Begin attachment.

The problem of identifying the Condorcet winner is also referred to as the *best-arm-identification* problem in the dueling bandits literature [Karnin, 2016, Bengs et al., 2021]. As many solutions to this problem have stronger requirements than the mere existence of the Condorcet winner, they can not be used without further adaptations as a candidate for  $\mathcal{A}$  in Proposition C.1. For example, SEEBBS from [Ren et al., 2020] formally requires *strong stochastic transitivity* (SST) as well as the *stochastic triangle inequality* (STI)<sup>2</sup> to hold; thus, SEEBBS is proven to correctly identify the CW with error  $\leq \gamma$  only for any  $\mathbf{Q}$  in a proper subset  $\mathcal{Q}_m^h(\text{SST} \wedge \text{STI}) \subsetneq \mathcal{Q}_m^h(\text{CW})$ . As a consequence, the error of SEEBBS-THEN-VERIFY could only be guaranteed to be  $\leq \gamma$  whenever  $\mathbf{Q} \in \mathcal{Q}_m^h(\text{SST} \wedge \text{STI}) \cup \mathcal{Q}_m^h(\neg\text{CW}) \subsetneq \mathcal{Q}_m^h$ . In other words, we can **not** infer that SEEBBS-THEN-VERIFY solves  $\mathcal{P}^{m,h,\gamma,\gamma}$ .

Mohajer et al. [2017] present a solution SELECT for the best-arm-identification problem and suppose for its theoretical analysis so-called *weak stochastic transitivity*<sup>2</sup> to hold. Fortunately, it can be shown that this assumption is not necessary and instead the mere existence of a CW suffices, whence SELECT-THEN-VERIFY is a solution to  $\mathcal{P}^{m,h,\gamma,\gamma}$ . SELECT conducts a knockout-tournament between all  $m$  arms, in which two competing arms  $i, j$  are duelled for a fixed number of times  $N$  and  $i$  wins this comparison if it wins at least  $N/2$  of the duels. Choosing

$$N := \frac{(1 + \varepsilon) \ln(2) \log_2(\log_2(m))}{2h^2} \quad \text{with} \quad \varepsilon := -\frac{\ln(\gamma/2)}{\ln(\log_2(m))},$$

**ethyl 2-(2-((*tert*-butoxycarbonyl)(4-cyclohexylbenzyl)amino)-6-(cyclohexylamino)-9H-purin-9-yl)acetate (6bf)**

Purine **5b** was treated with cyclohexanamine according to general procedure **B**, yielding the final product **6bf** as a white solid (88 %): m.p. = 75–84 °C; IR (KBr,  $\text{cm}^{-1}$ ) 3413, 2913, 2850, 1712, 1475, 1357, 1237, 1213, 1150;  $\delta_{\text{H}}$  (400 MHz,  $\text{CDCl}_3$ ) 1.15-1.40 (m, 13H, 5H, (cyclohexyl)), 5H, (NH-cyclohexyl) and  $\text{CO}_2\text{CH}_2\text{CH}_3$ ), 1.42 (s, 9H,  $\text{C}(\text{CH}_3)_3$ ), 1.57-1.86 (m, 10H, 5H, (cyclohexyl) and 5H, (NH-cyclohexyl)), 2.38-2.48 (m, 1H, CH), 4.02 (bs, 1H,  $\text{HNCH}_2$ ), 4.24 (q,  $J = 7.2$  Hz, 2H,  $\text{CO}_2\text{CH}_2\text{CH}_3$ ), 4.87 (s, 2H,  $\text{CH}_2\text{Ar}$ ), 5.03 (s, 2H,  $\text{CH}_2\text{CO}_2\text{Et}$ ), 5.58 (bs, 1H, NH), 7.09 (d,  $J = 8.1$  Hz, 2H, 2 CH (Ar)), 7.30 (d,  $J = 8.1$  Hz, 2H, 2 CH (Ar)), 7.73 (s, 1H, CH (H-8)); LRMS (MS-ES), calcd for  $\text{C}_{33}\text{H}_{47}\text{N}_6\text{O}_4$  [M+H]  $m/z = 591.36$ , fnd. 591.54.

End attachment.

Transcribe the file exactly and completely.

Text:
The problem of identifying the Condorcet winner is also referred to as the *best-arm-identification* problem in the dueling bandits literature [Karnin, 2016, Bengs et al., 2021]. As many solutions to this problem have stronger requirements than the mere existence of the Condorcet winner, they can not be used without further adaptations as a candidate for  $\mathcal{A}$  in Proposition C.1. For example, SEEBBS from [Ren et al., 2020] formally requires *strong stochastic transitivity* (SST) as well as the *stochastic triangle inequality* (STI)<sup>2</sup> to hold; thus, SEEBBS is proven to correctly identify the CW with error  $\leq \gamma$  only for any  $\mathbf{Q}$  in a proper subset  $\mathcal{Q}_m^h(\text{SST} \wedge \text{STI}) \subsetneq \mathcal{Q}_m^h(\text{CW})$ . As a consequence, the error of SEEBBS-THEN-VERIFY could only be guaranteed to be  $\leq \gamma$  whenever  $\mathbf{Q} \in \mathcal{Q}_m^h(\text{SST} \wedge \text{STI}) \cup \mathcal{Q}_m^h(\neg\text{CW}) \subsetneq \mathcal{Q}_m^h$ . In other words, we can **not** infer that SEEBBS-THEN-VERIFY solves  $\mathcal{P}^{m,h,\gamma,\gamma}$ .

Mohajer et al. [2017] present a solution SELECT for the best-arm-identification problem and suppose for its theoretical analysis so-called *weak stochastic transitivity*<sup>2</sup> to hold. Fortunately, it can be shown that this assumption is not necessary and instead the mere existence of a CW suffices, whence SELECT-THEN-VERIFY is a solution to  $\mathcal{P}^{m,h,\gamma,\gamma}$ . SELECT conducts a knockout-tournament between all  $m$  arms, in which two competing arms  $i, j$  are duelled for a fixed number of times  $N$  and  $i$  wins this comparison if it wins at least  $N/2$  of the duels. Choosing

$$N := \frac{(1 + \varepsilon) \ln(2) \log_2(\log_2(m))}{2h^2} \quad \text{with} \quad \varepsilon := -\frac{\ln(\gamma/2)}{\ln(\log_2(m))},$$

**ethyl 2-(2-((*tert*-butoxycarbonyl)(4-cyclohexylbenzyl)amino)-6-(cyclohexylamino)-9H-purin-9-yl)acetate (6bf)**

Purine **5b** was treated with cyclohexanamine according to general procedure **B**, yielding the final product **6bf** as a white solid (88 %): m.p. = 75–84 °C; IR (KBr,  $\text{cm}^{-1}$ ) 3413, 2913, 2850, 1712, 1475, 1357, 1237, 1213, 1150;  $\delta_{\text{H}}$  (400 MHz,  $\text{CDCl}_3$ ) 1.15-1.40 (m, 13H, 5H, (cyclohexyl)), 5H, (NH-cyclohexyl) and  $\text{CO}_2\text{CH}_2\text{CH}_3$ ), 1.42 (s, 9H,  $\text{C}(\text{CH}_3)_3$ ), 1.57-1.86 (m, 10H, 5H, (cyclohexyl) and 5H, (NH-cyclohexyl)), 2.38-2.48 (m, 1H, CH), 4.02 (bs, 1H,  $\text{HNCH}_2$ ), 4.24 (q,  $J = 7.2$  Hz, 2H,  $\text{CO}_2\text{CH}_2\text{CH}_3$ ), 4.87 (s, 2H,  $\text{CH}_2\text{Ar}$ ), 5.03 (s, 2H,  $\text{CH}_2\text{CO}_2\text{Et}$ ), 5.58 (bs, 1H, NH), 7.09 (d,  $J = 8.1$  Hz, 2H, 2 CH (Ar)), 7.30 (d,  $J = 8.1$  Hz, 2H, 2 CH (Ar)), 7.73 (s, 1H, CH (H-8)); LRMS (MS-ES), calcd for  $\text{C}_{33}\text{H}_{47}\text{N}_6\text{O}_4$  [M+H]  $m/z = 591.36$ , fnd. 591.54.